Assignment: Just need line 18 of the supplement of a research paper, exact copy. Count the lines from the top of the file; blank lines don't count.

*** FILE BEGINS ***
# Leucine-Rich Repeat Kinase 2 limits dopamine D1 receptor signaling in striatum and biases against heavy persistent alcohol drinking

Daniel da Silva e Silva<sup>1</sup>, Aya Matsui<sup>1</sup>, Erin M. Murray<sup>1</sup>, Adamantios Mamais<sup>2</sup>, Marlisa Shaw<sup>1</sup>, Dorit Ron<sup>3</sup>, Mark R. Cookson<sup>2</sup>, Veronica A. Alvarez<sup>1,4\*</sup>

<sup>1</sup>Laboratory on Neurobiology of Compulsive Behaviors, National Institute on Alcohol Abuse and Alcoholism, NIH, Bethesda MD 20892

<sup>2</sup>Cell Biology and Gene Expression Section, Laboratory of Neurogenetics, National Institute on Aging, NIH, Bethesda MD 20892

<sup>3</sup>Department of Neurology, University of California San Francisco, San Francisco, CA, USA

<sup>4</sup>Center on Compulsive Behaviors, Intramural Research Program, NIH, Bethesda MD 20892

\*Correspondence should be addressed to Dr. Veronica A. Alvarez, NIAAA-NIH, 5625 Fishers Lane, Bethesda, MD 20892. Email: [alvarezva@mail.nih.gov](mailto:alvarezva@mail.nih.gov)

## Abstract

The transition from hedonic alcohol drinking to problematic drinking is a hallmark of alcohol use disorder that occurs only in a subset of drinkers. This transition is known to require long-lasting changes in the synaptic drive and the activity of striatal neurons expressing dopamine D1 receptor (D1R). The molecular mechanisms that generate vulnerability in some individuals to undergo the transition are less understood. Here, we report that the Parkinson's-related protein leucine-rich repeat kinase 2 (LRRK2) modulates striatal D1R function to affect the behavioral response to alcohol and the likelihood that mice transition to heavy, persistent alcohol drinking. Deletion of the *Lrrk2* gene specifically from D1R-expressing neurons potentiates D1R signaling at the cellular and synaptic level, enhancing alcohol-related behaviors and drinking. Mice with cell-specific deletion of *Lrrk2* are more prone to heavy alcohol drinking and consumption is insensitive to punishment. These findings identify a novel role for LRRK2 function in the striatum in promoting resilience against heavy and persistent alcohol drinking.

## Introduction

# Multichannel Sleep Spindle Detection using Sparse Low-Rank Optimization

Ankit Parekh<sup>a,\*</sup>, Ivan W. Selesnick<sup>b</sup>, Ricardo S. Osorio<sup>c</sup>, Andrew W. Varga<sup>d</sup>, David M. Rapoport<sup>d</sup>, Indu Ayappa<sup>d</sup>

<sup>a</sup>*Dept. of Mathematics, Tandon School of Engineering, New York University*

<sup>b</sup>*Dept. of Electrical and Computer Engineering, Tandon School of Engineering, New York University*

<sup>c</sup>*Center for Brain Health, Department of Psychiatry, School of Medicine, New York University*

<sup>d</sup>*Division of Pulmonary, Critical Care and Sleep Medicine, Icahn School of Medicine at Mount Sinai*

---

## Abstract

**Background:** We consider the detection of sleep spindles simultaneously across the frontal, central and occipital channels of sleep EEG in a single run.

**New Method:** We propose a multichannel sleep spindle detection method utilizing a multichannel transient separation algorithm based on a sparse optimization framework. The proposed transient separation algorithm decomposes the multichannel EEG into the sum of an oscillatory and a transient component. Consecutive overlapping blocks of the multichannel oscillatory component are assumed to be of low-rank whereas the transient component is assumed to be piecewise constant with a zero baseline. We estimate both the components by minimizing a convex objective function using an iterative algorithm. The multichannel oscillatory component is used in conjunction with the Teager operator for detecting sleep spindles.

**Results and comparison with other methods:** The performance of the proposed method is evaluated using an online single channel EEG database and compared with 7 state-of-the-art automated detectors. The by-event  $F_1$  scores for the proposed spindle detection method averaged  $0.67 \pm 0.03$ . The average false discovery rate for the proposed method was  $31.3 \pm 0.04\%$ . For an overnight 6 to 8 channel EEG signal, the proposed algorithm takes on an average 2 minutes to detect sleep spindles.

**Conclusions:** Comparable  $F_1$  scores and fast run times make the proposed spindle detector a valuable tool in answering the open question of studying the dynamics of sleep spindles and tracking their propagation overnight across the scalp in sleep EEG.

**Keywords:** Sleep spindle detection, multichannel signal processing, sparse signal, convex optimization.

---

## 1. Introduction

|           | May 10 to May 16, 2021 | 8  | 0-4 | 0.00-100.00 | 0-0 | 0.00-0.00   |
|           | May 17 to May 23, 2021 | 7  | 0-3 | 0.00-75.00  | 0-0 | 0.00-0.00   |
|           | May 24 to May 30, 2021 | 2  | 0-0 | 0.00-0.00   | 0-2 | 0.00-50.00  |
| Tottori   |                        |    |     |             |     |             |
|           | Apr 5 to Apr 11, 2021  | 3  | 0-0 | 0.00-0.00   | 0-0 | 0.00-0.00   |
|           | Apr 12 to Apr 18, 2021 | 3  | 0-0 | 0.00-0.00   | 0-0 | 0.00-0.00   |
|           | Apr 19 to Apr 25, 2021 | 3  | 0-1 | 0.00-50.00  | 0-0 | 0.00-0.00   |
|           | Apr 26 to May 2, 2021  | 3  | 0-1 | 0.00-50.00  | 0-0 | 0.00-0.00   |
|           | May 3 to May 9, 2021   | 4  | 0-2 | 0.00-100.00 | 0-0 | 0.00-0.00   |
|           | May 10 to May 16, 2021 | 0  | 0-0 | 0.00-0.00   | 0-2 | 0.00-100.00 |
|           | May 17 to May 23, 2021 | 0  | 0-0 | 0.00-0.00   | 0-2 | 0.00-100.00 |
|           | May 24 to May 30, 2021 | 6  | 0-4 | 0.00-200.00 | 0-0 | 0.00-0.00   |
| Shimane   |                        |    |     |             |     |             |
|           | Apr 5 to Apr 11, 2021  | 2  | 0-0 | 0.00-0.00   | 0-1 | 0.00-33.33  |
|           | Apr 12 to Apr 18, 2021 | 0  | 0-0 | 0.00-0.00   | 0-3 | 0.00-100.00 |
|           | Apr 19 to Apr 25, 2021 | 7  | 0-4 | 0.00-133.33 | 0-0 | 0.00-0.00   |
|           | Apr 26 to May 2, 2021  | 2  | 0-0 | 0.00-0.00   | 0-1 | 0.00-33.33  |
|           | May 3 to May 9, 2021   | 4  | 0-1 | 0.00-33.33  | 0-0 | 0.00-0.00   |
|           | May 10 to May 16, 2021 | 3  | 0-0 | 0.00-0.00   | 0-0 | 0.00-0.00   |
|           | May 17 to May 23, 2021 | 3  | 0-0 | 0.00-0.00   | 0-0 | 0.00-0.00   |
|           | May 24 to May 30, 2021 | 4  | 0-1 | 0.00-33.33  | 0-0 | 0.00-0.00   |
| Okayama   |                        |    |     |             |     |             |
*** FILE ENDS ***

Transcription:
## Abstract